Newgrange revelations do not deter solstice-watchers

Pilgrims to the Co Meath monument are tough and seemingly impervious to theories

A cloudy start to the day results in merely a fleeting moment of winter solstice sunshine in Newgrange's ancient chamber. Video: Alan Betson

News that elements of Newgrange, the late Stone Age monument in Co Meath, may actually be younger than the original Disneyland, which was founded in a suburb of Los Angeles in 1955, did not upset the solstice-watchers who gathered at the site to greet the mid-winter sun.

“If they’re saying the roof box is only 50-years-old, that makes it younger than me,” said a marginally Druidic-looking man with a cloak-like garment tossed over his shoulder.

He laughed and smiled at his friends, most of whom had faces tensed against the chill breeze.

Irish wolfhounds during the winter solstice at Newgrange, Co Meath. Photograph: Clodagh Kilcoyne/Reuters

“It’s a CIA hoax,” he shouted, before bowing, pleased at the reaction he’d gotten.


It was cold, but not that cold; there was sporadic rain and heavy cloud, but the beating of the drums remained steady.

There had been a heavy downpour at 6.40am. But Newgrange pilgrims are tough, and impervious to theories.

Shadowy figures moved in small groups towards the monument.

Most of them just wanted the winter to end, or at least begin to end.

“Never believe what you read in newspapers,” came their communal agreement.

Chanting began to soar into a chorus, making a sound resembling a hum.

“We’re summoning the sun.” Good idea.

The darkness was fading as daylight took over. But daylight is not the same as the symbolic beam that defeats winter.

Smaller shapes emerged out of the night, loping along on four legs.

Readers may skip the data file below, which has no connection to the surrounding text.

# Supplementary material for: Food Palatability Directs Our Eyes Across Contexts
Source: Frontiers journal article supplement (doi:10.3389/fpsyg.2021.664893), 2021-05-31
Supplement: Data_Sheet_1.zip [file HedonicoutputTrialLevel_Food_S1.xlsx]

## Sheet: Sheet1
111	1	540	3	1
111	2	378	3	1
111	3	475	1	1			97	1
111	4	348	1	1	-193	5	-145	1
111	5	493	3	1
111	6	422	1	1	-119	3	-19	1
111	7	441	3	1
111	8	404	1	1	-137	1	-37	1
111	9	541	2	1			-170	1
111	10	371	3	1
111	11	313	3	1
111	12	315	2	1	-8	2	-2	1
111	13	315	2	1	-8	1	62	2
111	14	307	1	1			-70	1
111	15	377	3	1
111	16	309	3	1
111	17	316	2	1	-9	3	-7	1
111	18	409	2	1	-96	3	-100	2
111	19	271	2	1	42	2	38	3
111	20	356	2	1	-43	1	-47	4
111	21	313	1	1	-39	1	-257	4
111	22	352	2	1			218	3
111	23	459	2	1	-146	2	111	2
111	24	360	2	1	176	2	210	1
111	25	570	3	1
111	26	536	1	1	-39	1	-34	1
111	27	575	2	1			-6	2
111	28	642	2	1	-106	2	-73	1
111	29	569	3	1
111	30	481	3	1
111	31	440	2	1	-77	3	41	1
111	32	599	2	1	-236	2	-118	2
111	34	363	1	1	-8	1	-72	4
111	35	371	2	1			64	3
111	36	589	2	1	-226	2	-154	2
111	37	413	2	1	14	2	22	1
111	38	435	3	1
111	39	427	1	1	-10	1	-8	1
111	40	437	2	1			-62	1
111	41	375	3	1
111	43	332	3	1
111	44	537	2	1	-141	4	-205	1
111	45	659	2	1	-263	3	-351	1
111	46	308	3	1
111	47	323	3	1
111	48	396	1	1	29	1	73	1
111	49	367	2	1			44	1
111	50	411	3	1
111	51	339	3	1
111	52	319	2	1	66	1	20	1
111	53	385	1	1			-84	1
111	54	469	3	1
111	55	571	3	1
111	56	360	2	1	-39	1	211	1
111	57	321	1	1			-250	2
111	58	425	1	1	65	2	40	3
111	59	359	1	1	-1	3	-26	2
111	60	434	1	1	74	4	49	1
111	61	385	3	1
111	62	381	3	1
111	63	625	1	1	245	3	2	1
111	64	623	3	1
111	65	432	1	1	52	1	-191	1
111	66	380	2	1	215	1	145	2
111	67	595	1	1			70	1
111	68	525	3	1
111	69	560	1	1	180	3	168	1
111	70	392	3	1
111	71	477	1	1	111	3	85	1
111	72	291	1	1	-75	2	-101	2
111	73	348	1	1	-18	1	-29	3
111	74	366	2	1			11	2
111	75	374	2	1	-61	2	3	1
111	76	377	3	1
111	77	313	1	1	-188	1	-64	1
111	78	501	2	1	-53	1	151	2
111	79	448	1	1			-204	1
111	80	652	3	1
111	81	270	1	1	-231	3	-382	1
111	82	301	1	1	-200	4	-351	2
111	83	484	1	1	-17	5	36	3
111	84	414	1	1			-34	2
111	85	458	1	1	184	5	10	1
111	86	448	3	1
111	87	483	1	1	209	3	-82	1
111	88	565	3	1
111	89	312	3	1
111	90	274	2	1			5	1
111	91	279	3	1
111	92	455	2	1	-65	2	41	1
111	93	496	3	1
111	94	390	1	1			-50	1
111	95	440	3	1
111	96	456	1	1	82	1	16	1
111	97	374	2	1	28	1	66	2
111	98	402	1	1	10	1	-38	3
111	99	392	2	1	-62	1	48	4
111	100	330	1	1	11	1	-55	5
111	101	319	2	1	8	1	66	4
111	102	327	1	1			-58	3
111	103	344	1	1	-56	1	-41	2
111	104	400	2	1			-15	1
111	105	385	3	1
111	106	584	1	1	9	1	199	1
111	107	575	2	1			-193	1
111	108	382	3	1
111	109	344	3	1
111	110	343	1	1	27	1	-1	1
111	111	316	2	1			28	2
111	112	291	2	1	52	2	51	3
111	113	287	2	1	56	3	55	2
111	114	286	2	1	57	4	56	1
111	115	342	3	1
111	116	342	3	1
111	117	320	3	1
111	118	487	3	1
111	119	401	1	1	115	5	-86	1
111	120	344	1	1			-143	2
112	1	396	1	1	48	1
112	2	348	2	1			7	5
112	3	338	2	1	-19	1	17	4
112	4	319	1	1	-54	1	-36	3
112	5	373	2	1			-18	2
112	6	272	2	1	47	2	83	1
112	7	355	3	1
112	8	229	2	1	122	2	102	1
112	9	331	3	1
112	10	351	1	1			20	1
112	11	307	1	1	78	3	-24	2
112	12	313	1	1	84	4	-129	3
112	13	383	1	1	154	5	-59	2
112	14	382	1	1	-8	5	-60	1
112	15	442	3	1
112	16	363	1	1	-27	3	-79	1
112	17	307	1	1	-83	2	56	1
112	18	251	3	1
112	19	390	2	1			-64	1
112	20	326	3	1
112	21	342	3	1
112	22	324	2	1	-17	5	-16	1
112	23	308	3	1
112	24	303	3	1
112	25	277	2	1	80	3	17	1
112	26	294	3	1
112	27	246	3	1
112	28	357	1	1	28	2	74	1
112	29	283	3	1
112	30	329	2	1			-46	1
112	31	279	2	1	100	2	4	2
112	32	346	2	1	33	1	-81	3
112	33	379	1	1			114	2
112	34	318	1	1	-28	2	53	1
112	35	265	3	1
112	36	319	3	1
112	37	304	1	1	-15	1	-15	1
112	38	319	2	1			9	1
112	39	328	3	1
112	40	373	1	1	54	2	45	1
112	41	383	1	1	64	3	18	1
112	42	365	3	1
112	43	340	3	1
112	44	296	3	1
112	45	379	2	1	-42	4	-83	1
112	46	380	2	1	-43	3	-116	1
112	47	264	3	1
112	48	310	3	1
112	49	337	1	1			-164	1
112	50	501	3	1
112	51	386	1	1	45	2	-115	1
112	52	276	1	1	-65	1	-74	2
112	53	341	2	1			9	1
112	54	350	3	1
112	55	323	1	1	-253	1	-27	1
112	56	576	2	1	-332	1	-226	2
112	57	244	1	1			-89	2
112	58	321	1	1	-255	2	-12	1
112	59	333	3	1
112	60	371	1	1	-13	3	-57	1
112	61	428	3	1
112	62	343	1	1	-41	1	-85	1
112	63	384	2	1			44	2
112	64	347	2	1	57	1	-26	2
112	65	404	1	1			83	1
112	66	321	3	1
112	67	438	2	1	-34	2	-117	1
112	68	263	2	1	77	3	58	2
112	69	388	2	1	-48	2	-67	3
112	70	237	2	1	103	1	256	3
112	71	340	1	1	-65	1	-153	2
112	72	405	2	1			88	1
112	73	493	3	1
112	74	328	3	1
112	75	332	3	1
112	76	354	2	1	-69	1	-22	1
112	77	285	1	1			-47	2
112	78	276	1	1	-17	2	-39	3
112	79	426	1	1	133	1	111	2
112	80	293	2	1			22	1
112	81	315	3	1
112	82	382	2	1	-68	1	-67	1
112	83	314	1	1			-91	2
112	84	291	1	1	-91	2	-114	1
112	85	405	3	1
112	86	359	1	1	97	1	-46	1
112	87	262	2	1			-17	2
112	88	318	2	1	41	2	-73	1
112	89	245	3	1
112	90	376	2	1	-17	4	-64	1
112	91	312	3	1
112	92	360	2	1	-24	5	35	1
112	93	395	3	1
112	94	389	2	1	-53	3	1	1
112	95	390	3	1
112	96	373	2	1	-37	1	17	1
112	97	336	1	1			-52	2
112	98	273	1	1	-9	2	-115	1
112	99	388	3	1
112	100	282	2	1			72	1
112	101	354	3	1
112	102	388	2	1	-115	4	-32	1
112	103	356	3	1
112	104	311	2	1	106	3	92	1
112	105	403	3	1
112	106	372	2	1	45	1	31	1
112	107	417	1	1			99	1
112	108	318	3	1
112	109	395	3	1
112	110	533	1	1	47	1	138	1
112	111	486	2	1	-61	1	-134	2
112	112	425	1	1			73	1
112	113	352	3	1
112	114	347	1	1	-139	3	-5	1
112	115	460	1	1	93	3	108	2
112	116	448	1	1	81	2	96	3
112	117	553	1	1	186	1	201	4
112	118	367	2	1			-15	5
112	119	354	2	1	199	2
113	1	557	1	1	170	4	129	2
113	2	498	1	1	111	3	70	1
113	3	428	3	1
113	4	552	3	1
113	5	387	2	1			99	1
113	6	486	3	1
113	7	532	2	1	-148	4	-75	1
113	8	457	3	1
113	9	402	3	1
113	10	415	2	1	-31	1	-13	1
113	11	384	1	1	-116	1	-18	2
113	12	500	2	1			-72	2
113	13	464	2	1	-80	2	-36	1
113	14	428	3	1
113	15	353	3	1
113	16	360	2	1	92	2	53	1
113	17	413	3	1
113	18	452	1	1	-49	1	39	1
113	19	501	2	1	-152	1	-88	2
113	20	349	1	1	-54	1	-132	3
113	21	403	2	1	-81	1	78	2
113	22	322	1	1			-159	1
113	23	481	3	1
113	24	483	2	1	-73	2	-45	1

Their arrival was greeted with cheers, as close on 20 Irish wolfhounds, in all colours, ranging from little four-month-old Tara to her giant sire, the canine version of Liam Neeson, introduced an element of wonder, as well as a hint of the past.

The dogs were calm, stately, not a bark between them. They seemed aware that they were gathered at a ceremonial site at which their ancestors had once presided.

Gardaí stood in happy groups, overseeing the scene like proud parents at a schools’ rugby final.

The dogs were indifferent to the theories. Most of the humans were as well.

“More infighting between archaeologists. Speculation. So what? No one really knows what happened.

“The main thing is that we’re here because it’s here,” one attendee said, glaring at me with a stern expression.

She gave the impression she thought I had invented the story to spoil the celebration.

"Blame it on Donald Trump, I bet he's behind it."

This proved an inspired allegation. It broke the tension and two better-than-average mimics ran through routines based on Trump’s greatest gaffs, including his dismissal of climate change as a conspiracy created by the Chinese.

Forming a circle

Meanwhile, the sky was brightening, the rain was only a drizzle. A large circle had formed in which people were holding hands.

One of the few children in attendance thought it was funny, seeing grown-ups about to play.

Solo adults were hopping on the spot. They weren’t playing though; they were only being boring, attempting to stay warm.

Yet there was a woman who danced about gracefully, despite her heavy boots and overcoat with sleeves so long they covered her hands.

More cameras and mobile phones were focused on the dogs than on the horizon.

Pity the chosen ones inside the mound, it was more fun outside.

The sun dance seemed to be very like the rain dance you hear about in movies on the Wild West.

Spirits were high; even though conditions were dull, chilly and damp, the sun would shine, if only for an instant. We all knew it would.

Then there it was, a fuzzy ball of yellow fighting to break through the clouds.

The dogs watched on as solemn as a row of judges; they were waiting.

By 9.24am, the shy, determined sun did make a bold push through the band of grey.

The watchers inside the great tomb sighed as a stain of gold made it almost halfway up the passage.Outside, the assembly cheered.

By 9.30am, there was more sun, and then, as if a box had been closed, it was over. Or so it seemed. But no, at 9.50am, brilliant golden sunlight again.

The dogs moved off, as if they, not their humans, had decided it was time to go.

No, it wasn’t a morning of sharp gold on a frosted landscape, but the sun’s fleeting appearance after the longest night was sufficiently eloquent for the eager watchers of nature’s dramatic cycle.

Light has begun its slow return.

Eileen Battersby

Eileen Battersby

The late Eileen Battersby was the former literary correspondent of The Irish Times